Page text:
So, you’re ready to renovate your kitchen—now what? A good place to start is a consultation with a certified kitchen designer to help walk you through the myriad of decisions that come next. When it’s time to sit down and talk business, it’s good to come prepared with a few things to help your designer give you the best advice. 

When we talk about your renovation budget, we start with that single “big” number—what’s the most you’re willing to spend on a new kitchen? When you present that budget to a kitchen designer, they can help you break it down to help you see where your money will go, such as:
• Labor
• Cabinetry
• Appliances
• Countertops
• Flooring
• Electrical & plumbing
• Fixtures

It’s also important to set up a contingency budget of 15-20 percent, which will help soften the blow when “surprises” pop up, like bad wiring or a rotten floorboard. A kitchen renovation can result in other costs, so don’t forget to consider things like whether and how often you’ll have to eat out, or even stay elsewhere, during the work.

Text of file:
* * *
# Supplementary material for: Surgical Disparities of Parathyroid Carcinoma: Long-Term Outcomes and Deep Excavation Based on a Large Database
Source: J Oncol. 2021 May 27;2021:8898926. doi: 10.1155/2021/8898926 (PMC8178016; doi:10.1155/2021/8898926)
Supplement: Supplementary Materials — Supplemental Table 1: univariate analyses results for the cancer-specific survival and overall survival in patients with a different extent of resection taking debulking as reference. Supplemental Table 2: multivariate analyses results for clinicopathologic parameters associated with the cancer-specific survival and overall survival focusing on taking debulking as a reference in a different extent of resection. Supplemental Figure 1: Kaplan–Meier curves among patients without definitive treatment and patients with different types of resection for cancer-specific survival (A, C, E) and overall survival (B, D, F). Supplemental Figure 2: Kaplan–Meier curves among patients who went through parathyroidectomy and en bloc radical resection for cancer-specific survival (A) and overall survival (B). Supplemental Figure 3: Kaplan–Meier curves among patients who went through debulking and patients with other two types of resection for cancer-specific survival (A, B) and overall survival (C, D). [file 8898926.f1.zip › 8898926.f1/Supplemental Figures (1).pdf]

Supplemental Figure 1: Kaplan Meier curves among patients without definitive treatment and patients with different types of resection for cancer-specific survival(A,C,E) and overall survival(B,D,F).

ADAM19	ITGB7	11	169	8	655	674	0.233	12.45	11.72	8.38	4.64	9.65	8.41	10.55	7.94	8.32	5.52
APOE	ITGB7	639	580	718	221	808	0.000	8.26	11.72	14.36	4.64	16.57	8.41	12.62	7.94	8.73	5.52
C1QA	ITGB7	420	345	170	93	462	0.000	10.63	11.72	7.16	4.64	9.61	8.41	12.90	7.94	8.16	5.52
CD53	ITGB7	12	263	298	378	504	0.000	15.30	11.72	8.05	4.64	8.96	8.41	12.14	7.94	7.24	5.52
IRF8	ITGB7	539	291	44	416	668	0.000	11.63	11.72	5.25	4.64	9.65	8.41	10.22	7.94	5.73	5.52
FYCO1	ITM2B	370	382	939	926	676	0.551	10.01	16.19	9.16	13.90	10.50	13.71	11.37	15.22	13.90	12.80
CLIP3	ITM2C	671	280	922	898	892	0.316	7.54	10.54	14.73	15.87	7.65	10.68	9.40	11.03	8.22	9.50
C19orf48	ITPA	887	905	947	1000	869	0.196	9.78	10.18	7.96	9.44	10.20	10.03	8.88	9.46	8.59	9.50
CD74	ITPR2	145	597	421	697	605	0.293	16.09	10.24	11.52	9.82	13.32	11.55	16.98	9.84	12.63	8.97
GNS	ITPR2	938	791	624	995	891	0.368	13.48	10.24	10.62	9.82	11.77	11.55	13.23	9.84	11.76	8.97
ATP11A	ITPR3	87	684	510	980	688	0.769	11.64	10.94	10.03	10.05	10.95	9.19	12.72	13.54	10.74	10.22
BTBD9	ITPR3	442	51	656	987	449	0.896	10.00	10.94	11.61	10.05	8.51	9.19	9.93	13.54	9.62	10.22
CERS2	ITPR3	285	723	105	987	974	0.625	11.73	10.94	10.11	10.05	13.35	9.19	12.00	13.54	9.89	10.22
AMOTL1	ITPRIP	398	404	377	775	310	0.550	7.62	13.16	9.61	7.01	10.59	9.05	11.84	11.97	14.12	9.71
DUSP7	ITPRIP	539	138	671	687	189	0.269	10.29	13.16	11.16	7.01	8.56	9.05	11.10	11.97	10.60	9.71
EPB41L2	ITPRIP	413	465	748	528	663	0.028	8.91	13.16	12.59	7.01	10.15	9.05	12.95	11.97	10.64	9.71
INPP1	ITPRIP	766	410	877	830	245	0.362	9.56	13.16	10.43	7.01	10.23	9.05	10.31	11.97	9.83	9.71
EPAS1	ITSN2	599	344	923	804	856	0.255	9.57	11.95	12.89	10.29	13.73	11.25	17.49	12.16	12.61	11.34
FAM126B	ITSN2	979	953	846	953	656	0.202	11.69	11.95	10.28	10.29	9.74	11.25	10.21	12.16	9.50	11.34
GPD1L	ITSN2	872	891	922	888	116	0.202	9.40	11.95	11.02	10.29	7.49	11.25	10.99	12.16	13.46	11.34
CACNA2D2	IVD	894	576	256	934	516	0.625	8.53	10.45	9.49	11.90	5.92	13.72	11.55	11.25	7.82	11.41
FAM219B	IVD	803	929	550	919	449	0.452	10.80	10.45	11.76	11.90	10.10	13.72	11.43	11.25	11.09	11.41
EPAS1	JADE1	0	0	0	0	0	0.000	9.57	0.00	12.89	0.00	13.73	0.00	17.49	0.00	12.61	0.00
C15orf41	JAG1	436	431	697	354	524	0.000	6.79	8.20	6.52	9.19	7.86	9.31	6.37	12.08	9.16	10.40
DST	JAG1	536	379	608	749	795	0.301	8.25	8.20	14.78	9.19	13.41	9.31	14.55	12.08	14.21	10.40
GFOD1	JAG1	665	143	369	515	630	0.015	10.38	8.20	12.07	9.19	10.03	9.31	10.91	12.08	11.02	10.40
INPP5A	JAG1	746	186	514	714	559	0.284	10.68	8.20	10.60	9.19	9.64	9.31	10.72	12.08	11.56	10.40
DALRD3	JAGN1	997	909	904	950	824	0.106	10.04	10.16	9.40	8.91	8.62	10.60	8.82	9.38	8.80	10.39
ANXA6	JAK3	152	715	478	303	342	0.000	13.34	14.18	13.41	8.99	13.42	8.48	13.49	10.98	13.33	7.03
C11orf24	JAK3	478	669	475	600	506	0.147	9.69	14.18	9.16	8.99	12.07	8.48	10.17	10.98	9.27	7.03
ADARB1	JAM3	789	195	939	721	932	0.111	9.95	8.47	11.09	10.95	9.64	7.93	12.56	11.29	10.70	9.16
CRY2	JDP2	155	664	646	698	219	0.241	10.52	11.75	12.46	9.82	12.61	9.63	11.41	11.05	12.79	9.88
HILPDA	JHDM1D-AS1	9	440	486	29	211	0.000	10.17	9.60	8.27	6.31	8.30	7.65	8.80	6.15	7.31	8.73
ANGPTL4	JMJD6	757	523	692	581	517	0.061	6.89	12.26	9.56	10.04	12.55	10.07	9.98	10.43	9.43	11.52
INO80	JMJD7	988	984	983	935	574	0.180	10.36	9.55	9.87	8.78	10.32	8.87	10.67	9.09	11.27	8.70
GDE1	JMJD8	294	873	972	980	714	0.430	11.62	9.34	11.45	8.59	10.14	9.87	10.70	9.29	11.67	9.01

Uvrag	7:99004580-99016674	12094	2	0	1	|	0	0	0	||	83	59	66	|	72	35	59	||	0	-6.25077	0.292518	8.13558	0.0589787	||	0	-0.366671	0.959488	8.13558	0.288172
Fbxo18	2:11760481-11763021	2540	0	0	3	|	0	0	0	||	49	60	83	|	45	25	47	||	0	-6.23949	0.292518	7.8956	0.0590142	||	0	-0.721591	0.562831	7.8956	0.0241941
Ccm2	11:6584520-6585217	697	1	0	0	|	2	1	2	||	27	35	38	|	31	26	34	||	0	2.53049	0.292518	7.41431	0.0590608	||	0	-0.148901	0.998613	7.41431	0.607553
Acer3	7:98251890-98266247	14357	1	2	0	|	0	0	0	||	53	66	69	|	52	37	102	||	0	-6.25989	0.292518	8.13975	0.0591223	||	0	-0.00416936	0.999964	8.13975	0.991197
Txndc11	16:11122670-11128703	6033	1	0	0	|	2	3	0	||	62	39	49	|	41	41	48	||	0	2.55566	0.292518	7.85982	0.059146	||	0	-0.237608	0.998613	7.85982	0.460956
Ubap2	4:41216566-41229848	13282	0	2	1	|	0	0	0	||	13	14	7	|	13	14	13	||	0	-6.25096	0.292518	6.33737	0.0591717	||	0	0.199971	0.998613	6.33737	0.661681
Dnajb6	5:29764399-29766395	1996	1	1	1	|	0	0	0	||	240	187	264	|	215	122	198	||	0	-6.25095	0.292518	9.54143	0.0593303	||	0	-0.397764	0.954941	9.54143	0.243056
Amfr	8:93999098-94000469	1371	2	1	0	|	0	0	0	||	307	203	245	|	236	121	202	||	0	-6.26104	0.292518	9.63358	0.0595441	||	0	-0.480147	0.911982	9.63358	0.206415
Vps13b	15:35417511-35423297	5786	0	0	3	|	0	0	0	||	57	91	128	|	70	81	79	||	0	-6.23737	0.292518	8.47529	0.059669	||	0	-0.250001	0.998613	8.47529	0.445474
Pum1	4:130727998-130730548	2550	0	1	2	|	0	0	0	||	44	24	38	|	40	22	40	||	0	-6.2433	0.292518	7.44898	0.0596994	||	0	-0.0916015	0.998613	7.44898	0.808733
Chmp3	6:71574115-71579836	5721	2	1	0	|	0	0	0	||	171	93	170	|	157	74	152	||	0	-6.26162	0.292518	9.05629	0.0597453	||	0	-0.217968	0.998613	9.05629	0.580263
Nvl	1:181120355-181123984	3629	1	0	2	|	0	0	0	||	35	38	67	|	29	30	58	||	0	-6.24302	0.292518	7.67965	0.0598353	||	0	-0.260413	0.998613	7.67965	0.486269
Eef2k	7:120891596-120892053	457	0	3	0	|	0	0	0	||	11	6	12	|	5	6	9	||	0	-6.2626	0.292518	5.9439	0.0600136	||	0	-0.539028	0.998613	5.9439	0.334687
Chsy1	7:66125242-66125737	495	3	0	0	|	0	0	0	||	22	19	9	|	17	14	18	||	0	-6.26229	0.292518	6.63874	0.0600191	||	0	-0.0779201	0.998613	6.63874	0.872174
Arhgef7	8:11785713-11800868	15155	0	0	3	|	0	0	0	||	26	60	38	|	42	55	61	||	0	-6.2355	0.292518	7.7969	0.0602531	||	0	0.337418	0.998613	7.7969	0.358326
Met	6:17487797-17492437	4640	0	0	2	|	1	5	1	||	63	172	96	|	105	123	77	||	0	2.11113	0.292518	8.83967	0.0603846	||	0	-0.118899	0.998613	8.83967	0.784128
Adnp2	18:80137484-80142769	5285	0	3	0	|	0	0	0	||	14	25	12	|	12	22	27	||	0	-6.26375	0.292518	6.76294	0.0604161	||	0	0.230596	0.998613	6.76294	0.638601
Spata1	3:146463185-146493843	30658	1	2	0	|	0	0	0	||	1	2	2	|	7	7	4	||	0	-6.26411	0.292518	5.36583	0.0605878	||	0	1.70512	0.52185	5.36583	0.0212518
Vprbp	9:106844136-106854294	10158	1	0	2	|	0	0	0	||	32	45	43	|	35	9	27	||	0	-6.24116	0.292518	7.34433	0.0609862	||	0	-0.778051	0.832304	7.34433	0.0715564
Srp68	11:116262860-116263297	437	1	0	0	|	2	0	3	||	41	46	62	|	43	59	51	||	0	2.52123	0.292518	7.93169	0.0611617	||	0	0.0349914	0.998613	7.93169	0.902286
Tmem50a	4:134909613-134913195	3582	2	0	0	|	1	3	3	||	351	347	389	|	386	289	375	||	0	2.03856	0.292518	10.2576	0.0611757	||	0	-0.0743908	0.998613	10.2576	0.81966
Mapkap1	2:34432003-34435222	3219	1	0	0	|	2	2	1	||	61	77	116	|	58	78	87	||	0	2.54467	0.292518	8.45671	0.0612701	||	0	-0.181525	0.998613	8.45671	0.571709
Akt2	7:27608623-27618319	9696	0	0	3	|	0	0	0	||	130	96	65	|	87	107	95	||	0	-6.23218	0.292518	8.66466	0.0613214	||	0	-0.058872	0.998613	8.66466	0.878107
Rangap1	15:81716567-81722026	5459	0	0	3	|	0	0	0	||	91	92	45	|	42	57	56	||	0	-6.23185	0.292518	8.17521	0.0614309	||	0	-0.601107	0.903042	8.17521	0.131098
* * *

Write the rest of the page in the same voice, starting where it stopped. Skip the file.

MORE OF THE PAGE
Floor Plans
You don’t have to bring an architect’s blueprint to your first meeting with a kitchen designer, but having a rough floor plan with dimensions and openings marked is a great start! Understanding the space will help your designer make informed suggestions. If you aren’t sure where to start, use an online reference.

In-Store Visit
The best way to get started is to bring your budget and floor plan right to Cabinets & Designs! Meeting with your kitchen designer in person is more efficient than exchanging emails and phone calls and gives everyone a chance to get to know one another.

Another important reason to meet in person is to make decisions about some of the things that have a significant impact on pricing. In cabinetry, that means door style, wood species, and finishes. And we haven’t even gotten to the appliances yet.